or The Honda 500 4 & the mechanic that could
From: "Dave Ditner" <email@example.com>
Date: Fri, 30 Jul 1999
Started out high oil consumption, no smoke, and alot of oil found in the number 3 exhaust port.
Easy. Bad valve seal, right? Wrong!!!!!
It's a Honda 500 4, so off comes the cam cover/ rocker arm assy and spring removal. Lifted off what felt like a good seal to find parts of the valve guide inside of it. RATS!!!!!!
Now the head's got to come off. Okay, find a guide at the Honda dealer $13 and change. Give me two just in case. Oh, you want a valve? ONLY $59!!!! Finally found a valve for
$39 from a mail order house in the back of Motorcyclist. Got the guide put in, the seat retouched, and valve lapped, and started to put it together. First time, forgot the little O rings that seal the oil
passages from block to head. (Late at night, busy swatting mosquitos). Off with the head. Back on with the head.
OOPS, front cam chain guide in backwards. Off with the head. Fix the front chain guide. Back on with the head. Find TDC. Lay in the cam. Chain too short. Out
with the cam. Contemplate my navel. Chain tensioner looks wrong. Reset it to minimum tension as per the shop manual. Off with the head. Contemplate my navel some
more. Can't find anything wrong. Contemplate my navel again, this time with a beer. Back on with the head, back in with the cam. Chain still too short. Out with the cam, off with the head. Pull the
tensioner apart, and FINALLY, think I found the problem. The bottom of the tensioner sits in a rectangular hole in the tensioner in a little rubber pillow block, which it had come unattached from, and was sitting higher than it
should have been. With the motor in the frame and the cam chain channel directly below the frame backbone, It's almost impossible to see there. Took a dentist's mirror. Tonight the attack continues.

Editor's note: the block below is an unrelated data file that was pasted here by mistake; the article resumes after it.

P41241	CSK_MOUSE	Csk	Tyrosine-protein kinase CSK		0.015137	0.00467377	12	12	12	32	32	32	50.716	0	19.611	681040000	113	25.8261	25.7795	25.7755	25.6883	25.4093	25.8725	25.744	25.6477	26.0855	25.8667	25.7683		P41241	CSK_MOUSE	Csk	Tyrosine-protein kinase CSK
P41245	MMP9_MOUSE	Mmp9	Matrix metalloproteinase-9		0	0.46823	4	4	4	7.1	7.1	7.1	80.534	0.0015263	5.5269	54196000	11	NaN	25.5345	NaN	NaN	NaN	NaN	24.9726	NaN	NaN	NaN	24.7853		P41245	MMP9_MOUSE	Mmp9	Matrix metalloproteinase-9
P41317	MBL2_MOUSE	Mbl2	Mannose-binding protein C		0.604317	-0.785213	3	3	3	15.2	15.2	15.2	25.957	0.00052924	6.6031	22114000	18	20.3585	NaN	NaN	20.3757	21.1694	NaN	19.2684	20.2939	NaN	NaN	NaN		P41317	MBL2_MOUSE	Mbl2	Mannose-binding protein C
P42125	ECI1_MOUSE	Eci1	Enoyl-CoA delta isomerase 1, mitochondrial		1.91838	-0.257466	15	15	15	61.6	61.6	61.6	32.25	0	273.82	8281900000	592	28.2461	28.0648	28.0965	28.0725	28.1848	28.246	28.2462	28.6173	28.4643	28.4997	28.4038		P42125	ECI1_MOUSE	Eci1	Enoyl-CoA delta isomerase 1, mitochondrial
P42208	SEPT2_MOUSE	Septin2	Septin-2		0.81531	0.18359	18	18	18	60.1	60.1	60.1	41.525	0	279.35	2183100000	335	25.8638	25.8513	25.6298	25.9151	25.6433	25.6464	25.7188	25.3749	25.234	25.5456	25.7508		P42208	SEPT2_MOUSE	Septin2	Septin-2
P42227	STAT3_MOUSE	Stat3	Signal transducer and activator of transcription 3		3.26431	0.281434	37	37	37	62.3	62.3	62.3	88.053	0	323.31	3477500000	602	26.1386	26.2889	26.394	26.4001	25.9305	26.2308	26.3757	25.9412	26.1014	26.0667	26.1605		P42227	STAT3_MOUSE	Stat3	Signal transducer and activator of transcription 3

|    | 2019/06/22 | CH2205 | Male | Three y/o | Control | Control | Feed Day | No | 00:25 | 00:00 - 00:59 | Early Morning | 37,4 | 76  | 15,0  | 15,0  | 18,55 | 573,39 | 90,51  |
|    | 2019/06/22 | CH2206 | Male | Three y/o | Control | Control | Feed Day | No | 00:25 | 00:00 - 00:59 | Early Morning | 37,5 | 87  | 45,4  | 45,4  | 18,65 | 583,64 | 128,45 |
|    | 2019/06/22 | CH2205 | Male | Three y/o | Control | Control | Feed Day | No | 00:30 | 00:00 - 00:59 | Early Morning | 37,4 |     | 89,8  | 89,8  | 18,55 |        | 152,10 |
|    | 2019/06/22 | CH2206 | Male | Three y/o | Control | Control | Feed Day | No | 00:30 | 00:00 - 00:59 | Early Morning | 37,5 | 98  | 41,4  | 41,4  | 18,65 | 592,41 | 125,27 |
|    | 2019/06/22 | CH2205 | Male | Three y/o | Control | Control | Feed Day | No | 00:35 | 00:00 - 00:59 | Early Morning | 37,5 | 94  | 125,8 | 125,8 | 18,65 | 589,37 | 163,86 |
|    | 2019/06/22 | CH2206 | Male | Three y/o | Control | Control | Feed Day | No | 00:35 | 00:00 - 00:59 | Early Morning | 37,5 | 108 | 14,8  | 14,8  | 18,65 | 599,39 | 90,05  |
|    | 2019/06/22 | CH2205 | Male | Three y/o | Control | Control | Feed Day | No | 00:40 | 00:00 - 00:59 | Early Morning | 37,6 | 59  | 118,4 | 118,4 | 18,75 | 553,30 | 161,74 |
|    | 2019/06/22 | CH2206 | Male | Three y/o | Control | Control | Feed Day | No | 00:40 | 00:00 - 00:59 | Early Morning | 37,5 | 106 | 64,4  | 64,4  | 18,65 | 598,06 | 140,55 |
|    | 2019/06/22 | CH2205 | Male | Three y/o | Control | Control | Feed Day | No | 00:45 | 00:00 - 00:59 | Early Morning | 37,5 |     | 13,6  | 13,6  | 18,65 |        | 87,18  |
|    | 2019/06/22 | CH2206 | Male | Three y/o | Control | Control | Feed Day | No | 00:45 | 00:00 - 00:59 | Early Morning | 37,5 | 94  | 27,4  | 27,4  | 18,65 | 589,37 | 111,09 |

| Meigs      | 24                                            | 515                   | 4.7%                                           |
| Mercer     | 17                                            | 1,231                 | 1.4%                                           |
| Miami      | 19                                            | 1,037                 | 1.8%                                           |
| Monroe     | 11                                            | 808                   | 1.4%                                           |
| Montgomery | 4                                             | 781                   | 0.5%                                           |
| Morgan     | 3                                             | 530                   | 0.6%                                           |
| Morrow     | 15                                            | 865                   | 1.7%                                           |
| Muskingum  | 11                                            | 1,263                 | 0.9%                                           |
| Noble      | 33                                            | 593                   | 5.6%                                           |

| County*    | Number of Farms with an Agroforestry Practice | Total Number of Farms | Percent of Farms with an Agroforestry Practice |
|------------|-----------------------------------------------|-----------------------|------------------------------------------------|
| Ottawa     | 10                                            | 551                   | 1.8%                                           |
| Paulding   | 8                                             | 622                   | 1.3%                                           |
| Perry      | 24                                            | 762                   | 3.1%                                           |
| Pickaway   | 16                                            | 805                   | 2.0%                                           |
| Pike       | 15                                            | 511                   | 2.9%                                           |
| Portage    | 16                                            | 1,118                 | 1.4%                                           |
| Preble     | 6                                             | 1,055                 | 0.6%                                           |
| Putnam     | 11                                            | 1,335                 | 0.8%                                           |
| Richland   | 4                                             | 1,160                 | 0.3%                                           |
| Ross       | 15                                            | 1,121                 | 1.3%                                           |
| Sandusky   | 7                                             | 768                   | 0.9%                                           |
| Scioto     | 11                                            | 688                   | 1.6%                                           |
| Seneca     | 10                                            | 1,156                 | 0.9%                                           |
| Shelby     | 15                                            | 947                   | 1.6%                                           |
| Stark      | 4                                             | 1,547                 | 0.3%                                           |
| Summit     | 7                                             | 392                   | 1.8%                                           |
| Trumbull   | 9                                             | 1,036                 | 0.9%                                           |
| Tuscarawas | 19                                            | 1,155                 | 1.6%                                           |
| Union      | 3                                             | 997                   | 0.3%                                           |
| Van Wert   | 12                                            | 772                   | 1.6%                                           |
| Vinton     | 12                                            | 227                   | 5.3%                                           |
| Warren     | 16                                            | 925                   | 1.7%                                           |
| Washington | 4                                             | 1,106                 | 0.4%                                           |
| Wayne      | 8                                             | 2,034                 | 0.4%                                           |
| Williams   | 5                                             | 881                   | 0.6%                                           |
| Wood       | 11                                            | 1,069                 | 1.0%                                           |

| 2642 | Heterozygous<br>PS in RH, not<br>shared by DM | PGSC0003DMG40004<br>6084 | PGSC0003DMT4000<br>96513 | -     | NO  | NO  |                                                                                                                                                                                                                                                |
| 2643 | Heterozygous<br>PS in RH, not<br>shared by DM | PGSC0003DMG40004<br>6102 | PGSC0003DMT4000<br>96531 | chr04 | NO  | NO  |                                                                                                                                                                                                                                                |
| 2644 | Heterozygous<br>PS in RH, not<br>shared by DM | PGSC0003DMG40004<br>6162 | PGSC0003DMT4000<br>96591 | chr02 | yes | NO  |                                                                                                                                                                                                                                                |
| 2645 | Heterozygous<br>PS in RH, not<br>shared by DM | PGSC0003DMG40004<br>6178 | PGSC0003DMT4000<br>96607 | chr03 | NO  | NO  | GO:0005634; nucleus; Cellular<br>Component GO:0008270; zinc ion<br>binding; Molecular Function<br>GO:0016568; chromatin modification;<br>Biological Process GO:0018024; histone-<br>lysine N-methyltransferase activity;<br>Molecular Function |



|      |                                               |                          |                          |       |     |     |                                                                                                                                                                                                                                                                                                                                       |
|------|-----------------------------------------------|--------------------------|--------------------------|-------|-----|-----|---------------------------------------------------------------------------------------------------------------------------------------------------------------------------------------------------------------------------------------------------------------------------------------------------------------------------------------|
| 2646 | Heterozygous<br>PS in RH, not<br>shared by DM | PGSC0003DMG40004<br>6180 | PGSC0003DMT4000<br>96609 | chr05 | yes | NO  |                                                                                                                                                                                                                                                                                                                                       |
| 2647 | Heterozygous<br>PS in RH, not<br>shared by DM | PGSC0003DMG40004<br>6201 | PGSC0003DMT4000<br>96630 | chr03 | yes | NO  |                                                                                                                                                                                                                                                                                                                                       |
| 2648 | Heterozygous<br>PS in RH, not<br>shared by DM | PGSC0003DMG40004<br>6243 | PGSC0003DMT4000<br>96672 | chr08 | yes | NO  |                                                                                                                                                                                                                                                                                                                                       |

Hopefully with less navel contemplation, and more beer
Cuss, swear, contemplation, & beer
Part II final chapter
The final chapter in the tale of the 500 reads as follows. It needed a valve
adjustment, pipes, and tank for startup. Did it. Lit it. Decided to put new points and condenser in. Checked the advancer. A OK. Installed the points, condensers, set
the gaps, timed both sets, and was ready to kiss it good-bye when we saw oil running down the fins on both outside edges of the block. &^%%$#$%@%%$!!!! There are two oil passages through the block and into the
head for cam journals, rocker shafts etc. near the outside edges which have O rings that fit in holes in the head
gasket. Could have swore I put them in. Sure didn't look like it. By this time it's three o'clock Saturday afternoon.
The bike is due for a one week trip in a couple of days. "Let's take it apart and check. I'll say one thing for the third
teardown. It goes much quicker than the first. within an hour the head gasket was staring us in the face. WITH O
RINGS IN PLACE. While feeling better at seeing them in place, I'm really honked at the leak. Got my depth mics
and regular mics out and started measuring. The depth of the counter bore that the O ring fit in and the gasket
thickness added up to .087" and the O ring was >090" thick. Leaving only .003 for compression (the thickness of
a sheet of newspaper!) Iffy at best with smooth surfaces, but the bottom of the counter bore closely resembled the
surface of a small corncob. No metric O rings available in this small town on a Saturday, so found some with a
.125 dia cross section, and a 1/4" i d that were too big for the hole in the head gasket, stuffed them on a 5/16 drill
bit, took a file gently to the o d till they fit the head gasket and reassembled it again. More trouble with the cam
chain than previously. One notch in the sprocket is larger that the other and lets the chain move easily, but nobody
tells you this. Success was finally mine at about 8:00 last night. It rolled out of the driveway with my buddy's kid on it grinning from ear to ear. So was I.